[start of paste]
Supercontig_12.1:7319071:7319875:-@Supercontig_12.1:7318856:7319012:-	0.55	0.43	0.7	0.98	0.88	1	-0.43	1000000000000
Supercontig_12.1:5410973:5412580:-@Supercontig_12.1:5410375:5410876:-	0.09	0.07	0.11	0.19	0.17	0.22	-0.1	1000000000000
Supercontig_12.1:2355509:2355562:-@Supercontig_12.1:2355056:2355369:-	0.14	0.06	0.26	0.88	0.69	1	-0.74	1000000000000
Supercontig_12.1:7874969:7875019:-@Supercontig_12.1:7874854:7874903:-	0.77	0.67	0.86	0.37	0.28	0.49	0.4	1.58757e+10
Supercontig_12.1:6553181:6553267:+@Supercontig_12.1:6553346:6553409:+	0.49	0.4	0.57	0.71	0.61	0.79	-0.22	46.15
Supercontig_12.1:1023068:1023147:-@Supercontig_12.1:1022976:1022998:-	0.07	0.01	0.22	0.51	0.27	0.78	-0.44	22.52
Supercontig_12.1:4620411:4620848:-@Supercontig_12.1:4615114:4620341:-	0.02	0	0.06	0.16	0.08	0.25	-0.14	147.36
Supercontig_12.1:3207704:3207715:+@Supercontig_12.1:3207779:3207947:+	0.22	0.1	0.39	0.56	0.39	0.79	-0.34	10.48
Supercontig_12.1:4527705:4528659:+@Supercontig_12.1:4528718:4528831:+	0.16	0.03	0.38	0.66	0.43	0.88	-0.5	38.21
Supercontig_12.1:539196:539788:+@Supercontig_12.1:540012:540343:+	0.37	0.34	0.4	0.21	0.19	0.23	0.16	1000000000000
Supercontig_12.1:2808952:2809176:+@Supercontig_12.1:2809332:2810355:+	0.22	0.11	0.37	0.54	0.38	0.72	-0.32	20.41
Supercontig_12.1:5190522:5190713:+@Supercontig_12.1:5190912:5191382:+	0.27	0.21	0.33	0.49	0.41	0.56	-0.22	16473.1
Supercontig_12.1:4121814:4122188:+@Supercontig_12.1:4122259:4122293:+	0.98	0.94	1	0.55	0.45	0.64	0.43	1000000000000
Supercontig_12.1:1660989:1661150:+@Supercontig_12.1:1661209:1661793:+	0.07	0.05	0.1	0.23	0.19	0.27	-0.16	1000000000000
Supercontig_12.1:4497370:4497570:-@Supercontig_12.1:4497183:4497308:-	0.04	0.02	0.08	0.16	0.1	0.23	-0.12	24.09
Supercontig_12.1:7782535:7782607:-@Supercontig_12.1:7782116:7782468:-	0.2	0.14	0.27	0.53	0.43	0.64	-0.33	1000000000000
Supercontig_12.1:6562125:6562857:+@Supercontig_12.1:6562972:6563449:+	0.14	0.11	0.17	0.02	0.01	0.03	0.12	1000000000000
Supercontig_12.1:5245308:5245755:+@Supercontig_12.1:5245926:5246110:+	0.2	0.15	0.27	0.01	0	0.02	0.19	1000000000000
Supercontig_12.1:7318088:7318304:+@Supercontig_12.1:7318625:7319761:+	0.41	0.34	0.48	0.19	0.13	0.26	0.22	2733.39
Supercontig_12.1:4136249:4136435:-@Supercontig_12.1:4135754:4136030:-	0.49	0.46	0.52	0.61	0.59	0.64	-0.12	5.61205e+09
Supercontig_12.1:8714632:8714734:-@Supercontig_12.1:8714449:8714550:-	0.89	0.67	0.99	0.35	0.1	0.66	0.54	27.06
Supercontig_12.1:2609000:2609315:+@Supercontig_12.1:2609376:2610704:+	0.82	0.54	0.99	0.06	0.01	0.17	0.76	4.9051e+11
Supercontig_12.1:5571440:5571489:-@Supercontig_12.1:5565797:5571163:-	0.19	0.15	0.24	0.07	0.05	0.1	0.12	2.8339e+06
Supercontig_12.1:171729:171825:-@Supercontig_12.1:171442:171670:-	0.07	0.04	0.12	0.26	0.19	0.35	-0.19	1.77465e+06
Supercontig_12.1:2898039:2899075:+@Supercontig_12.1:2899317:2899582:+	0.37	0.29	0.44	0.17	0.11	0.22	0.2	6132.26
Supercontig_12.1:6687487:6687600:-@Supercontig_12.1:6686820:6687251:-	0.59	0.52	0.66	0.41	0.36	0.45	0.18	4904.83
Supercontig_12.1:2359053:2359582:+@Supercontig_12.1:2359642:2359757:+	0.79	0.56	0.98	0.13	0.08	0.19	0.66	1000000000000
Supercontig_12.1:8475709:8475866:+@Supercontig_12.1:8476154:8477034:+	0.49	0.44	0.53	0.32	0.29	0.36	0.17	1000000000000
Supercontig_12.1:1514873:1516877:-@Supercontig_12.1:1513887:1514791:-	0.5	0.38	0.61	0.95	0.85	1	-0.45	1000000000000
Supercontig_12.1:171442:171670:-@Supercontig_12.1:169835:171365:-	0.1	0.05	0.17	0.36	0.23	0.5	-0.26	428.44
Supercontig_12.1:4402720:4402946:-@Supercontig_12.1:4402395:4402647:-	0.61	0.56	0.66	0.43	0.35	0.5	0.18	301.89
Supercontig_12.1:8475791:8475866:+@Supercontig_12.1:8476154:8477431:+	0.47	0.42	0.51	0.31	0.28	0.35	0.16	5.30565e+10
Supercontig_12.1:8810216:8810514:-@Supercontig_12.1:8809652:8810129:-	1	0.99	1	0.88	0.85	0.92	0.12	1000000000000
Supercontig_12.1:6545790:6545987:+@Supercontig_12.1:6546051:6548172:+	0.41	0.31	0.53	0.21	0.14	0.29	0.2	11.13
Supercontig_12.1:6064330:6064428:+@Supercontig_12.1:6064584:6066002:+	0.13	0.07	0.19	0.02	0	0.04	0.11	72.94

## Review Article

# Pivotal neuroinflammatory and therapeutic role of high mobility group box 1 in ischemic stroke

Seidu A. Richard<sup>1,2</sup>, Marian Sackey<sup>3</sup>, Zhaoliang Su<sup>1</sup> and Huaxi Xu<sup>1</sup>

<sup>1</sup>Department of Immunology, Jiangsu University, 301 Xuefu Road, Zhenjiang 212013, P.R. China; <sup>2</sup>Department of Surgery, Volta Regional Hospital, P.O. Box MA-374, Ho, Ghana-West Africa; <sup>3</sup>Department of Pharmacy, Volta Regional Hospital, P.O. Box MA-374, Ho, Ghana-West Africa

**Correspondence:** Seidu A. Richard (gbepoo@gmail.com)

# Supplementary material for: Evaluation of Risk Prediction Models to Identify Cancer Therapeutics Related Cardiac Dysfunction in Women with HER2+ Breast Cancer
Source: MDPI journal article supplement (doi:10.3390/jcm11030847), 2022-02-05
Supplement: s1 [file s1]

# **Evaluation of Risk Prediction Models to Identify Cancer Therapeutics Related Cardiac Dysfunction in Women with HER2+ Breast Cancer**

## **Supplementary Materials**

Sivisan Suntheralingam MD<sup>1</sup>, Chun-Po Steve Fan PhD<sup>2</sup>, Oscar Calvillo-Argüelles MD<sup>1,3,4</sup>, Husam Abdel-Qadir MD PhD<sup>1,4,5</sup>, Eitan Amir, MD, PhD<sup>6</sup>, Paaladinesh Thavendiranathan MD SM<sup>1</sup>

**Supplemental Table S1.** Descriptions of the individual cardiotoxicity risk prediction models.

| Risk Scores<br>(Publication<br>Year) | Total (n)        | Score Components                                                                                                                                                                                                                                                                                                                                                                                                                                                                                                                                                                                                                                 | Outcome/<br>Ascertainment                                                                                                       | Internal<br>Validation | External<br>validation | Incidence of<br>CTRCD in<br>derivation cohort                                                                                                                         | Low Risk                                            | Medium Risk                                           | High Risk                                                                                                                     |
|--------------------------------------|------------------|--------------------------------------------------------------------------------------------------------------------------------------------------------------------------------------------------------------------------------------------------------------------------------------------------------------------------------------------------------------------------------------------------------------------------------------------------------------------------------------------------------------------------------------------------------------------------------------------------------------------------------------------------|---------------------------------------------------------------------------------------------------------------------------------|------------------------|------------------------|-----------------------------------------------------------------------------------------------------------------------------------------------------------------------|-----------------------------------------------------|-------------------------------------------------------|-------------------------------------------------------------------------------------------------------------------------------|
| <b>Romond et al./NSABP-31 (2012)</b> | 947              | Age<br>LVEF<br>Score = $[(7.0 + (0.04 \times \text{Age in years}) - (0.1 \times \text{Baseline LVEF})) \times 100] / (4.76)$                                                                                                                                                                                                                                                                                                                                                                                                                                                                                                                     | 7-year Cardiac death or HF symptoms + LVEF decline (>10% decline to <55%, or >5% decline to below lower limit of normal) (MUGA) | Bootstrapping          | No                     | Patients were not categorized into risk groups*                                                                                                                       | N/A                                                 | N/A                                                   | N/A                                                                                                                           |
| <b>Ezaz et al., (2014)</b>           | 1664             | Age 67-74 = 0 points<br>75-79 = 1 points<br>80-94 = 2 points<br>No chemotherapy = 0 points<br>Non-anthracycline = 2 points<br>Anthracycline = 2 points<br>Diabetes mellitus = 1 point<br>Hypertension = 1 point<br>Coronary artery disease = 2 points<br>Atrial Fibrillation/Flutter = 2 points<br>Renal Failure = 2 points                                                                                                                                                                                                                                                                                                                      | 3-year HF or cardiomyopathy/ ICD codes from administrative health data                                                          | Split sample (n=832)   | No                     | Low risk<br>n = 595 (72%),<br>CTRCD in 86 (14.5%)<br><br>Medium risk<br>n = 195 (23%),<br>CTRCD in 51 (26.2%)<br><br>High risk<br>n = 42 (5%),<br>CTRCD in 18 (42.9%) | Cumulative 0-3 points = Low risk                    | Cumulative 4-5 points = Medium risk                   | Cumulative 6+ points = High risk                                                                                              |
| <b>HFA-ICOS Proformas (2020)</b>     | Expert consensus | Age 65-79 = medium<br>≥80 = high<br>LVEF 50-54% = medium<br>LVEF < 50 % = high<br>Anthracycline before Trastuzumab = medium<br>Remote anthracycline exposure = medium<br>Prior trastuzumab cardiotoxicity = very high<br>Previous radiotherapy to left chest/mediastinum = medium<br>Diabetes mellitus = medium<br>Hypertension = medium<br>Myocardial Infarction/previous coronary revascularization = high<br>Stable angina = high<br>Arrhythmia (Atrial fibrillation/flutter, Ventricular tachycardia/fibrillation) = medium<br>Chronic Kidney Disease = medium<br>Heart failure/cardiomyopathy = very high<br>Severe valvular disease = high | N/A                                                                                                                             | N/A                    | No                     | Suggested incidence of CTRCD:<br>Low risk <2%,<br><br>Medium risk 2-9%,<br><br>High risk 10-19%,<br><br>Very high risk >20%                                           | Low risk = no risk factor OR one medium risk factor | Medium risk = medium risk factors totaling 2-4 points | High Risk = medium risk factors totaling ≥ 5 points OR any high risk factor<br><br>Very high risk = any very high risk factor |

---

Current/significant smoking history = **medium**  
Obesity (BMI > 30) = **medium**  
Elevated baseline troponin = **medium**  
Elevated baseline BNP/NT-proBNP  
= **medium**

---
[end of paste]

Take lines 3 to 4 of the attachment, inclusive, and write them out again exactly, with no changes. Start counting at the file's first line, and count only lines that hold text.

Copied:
Supercontig_12.1:2355509:2355562:-@Supercontig_12.1:2355056:2355369:-	0.14	0.06	0.26	0.88	0.69	1	-0.74	1000000000000
Supercontig_12.1:7874969:7875019:-@Supercontig_12.1:7874854:7874903:-	0.77	0.67	0.86	0.37	0.28	0.49	0.4	1.58757e+10